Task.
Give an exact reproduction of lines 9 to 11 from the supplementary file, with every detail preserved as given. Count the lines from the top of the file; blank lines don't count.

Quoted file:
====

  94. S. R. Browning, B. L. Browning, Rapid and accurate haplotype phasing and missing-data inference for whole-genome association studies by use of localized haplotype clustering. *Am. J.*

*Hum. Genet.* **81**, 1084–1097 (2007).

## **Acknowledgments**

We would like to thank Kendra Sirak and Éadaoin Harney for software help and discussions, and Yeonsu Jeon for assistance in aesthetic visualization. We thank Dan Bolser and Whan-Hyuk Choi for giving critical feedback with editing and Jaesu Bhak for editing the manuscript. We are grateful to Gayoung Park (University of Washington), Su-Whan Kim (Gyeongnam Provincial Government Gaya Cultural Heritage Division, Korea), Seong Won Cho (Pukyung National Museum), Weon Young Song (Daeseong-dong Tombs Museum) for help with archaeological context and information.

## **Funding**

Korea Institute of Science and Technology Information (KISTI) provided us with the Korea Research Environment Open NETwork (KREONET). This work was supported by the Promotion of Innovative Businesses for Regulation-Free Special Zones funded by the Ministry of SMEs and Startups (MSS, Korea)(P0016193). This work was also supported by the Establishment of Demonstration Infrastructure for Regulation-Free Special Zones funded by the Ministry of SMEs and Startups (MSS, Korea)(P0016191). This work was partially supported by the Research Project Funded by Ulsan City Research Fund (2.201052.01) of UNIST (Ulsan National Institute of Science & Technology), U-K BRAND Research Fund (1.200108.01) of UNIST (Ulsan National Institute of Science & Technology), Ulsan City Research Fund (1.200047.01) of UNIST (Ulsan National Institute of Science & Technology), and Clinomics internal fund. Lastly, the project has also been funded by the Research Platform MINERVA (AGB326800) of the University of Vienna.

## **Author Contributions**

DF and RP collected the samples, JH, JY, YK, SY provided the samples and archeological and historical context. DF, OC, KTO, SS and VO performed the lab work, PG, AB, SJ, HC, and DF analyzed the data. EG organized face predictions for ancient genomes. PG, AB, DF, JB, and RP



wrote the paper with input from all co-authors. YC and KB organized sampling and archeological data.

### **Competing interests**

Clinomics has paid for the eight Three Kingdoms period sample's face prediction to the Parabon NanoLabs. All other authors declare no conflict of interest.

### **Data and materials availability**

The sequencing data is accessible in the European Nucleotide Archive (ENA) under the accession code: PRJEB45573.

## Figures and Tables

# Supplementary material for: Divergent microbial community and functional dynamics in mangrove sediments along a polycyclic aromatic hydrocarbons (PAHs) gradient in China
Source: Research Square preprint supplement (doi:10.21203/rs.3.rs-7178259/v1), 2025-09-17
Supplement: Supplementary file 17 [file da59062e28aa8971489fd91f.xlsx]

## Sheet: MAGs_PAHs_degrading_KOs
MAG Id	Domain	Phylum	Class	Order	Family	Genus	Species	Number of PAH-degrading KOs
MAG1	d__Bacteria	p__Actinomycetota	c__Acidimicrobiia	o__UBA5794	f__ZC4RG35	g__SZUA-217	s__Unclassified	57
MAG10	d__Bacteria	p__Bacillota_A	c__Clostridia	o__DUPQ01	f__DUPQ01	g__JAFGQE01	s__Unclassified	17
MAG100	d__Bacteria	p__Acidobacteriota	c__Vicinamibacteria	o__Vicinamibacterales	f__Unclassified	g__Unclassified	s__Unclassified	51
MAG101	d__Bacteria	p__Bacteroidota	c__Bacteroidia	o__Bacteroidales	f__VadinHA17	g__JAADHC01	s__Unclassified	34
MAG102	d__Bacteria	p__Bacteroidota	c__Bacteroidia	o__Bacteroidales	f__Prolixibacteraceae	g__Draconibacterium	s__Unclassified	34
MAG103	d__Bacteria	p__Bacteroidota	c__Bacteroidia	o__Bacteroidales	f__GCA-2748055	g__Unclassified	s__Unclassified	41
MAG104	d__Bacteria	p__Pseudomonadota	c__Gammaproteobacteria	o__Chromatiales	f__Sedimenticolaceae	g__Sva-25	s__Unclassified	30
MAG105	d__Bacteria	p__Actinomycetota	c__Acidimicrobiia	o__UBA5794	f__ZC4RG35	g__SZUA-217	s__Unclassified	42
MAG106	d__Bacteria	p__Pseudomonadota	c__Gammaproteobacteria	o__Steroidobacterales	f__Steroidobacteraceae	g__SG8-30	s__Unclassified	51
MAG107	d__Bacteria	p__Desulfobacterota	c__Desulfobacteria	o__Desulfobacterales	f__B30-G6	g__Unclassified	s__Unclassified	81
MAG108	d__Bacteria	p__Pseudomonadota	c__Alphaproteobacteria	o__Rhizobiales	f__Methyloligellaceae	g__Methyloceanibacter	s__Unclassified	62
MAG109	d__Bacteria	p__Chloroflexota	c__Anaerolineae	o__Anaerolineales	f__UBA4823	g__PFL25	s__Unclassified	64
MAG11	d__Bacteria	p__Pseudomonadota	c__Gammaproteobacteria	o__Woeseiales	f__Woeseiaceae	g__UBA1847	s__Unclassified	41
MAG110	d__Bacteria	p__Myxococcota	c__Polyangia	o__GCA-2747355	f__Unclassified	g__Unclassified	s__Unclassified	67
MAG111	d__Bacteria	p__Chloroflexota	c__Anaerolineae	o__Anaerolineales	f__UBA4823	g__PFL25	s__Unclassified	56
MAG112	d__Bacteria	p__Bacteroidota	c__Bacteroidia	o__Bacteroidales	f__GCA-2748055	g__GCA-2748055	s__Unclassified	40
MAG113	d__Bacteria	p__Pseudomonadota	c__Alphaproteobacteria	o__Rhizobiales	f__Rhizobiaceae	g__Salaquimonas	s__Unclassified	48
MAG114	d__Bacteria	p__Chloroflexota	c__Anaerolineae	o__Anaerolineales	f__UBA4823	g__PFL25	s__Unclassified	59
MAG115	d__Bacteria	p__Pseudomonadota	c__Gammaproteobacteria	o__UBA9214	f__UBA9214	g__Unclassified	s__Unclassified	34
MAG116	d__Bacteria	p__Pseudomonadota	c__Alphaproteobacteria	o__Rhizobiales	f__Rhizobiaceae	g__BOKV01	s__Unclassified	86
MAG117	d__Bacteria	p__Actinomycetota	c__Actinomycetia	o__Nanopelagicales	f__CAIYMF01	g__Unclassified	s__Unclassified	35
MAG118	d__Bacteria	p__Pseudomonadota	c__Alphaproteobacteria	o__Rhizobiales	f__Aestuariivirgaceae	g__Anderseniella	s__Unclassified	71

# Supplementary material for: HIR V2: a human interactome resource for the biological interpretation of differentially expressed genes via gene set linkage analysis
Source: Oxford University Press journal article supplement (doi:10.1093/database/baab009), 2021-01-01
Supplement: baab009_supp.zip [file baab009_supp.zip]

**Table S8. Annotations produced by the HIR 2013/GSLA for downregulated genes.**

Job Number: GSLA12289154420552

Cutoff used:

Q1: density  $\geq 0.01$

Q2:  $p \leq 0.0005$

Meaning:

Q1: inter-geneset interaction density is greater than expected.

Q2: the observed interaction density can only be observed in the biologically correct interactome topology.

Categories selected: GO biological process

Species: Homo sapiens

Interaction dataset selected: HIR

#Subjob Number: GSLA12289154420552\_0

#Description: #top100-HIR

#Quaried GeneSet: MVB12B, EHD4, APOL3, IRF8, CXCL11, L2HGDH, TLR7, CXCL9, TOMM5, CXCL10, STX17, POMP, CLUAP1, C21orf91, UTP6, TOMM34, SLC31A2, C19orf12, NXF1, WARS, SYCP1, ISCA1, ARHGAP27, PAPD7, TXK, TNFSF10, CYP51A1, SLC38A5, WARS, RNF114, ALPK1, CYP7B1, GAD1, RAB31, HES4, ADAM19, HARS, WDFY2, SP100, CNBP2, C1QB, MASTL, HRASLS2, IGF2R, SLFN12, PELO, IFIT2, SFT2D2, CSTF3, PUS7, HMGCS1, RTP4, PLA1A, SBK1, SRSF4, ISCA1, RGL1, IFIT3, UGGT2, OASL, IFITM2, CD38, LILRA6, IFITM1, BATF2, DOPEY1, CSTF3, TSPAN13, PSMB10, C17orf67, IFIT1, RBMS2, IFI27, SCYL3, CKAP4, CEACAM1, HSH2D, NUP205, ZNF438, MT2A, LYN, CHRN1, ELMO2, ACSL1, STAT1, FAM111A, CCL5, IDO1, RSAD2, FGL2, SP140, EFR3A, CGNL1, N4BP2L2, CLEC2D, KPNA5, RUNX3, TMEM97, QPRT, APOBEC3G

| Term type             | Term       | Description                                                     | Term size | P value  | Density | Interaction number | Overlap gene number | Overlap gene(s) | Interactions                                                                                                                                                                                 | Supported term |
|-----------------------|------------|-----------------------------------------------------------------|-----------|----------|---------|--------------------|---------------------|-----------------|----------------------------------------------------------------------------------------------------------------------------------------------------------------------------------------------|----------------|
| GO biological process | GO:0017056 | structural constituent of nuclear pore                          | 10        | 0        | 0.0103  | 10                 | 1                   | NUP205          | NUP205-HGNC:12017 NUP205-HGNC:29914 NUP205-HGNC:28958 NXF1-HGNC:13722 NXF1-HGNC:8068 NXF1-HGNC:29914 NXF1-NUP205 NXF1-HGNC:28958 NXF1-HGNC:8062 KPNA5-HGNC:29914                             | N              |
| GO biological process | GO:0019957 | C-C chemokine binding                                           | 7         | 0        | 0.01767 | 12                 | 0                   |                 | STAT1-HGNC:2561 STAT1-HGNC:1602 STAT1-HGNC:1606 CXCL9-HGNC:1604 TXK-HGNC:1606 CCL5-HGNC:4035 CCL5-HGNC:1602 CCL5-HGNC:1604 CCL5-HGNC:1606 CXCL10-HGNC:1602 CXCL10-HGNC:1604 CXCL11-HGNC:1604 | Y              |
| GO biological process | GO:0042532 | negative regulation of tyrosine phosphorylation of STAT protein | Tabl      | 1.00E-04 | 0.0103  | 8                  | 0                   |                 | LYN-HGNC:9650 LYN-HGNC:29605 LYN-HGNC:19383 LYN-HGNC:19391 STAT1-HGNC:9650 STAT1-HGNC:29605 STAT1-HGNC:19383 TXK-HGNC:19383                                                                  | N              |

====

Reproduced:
wrote the paper with input from all co-authors. YC and KB organized sampling and archeological data.

### **Competing interests**

Clinomics has paid for the eight Three Kingdoms period sample's face prediction to the Parabon NanoLabs. All other authors declare no conflict of interest.